Ocrelizumab (Ocrevus) is administered intravenously every six months and treats adults with relapsing or primary progressive forms of MS. It is the only FDA-approved disease-modifying therapy for primary progressive MS. The drug targets the circulating immune cells that produce antibodies, which also play a role in the formation of MS lesions. Side effects include infusion-related reactions and increased risk of infections. Ocrelizumab may increase the risk of cancer as well.
Alemtuzumab (Lemtrada) is administered for 5 consecutive days followed by 3 days of infusions one year later. It targets proteins on the surface of immune cells. Because this drug increases the risk of autoimmune disorders, it is recommended for those who have had inadequate responses to two or more MS therapies.
Mitoxantrone (Novantrone), which is administered intravenously four times a year, has been approved for especially severe forms of relapsing-remitting and secondary progressive MS. Side effects include the development of certain types of blood cancers in up to 1% of those with MS, as well as with heart damage. This drug should be considered as a last resort to treat people with a form of MS that leads to rapid loss of function and for whom other treatments did not work.
Oral treatments include:
Fingolimod (Gilenya) is a once-daily medication that reduces the MS relapse rate in adults and children. It is the first FDA-approved drug to treat MS in adolescents and children as young as 10. The drug prevents lymphocytes from leaving the lymph nodes and entering the blood, brain, and spinal cord. Fingolimod may result in a slow heart rate and eye problems when first taken. Fingolimod can also increase the risk of infections, such as herpes virus infections, or in rare cases be associated with PML.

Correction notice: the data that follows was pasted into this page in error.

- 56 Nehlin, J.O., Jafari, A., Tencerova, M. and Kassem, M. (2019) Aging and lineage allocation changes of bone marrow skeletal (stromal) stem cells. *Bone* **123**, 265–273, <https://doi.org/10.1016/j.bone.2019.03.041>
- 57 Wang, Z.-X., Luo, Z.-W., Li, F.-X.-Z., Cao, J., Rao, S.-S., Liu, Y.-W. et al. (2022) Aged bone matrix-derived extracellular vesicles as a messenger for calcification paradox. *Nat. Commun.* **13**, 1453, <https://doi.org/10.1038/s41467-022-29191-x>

Dimethyl fumarate (Tecfidera) is a twice-daily medication used to treat relapsing forms of MS. Its exact mechanism of action is not currently known. Side effects of dimethyl fumarate are flushing, diarrhea, nausea, and lowered white blood cell count.
Teriflunomide (Aubagio) is a once-daily medication that reduces the rate of proliferation of activated immune cells. Teriflunomide’s side effects can include nausea, diarrhea, liver damage, and hair loss.
Cladribine (Mavenclad) is administered as two courses of tablets about one year apart. Cladribine targets certain types of white blood cells that drive immune attacks in MS. The drug may increase the risk of developing cancer and should be considered for individuals who have not responded well to other MS treatments.
Diroximel fumarate (Vumerity) is a twice-daily drug similar to dimethyl fumarate but with fewer gastrointestinal side effects. Scientists suspect these drugs, which have been approved to treat secondary progressive MS, reduce damage to the brain and spinal cord by making the immune response less inflammatory, although their exact mechanism of action is poorly understood.
Siponimod (Mayzent) is taken orally and has a similar mechanism of action to fingolimod. Siponimod has been approved by the FDA to treat secondary progressive MS.
Clinical trials have shown that cladribine, diroximel fumarate, and dimethyl fumarate decrease the number of relapses, delay the progress of physical disability, and slow the development of brain lesions.
Michele R. Berman, MD, and Mark S. Boguski, MD, PhD, are a wife and husband team of physicians who have trained and taught at some of the top medical schools in the country, including Harvard, Johns Hopkins, and Washington University in St. Louis. Their mission is both a journalistic and educational one: to report on common diseases affecting uncommon people and summarize the evidence-based medicine behind the headlines.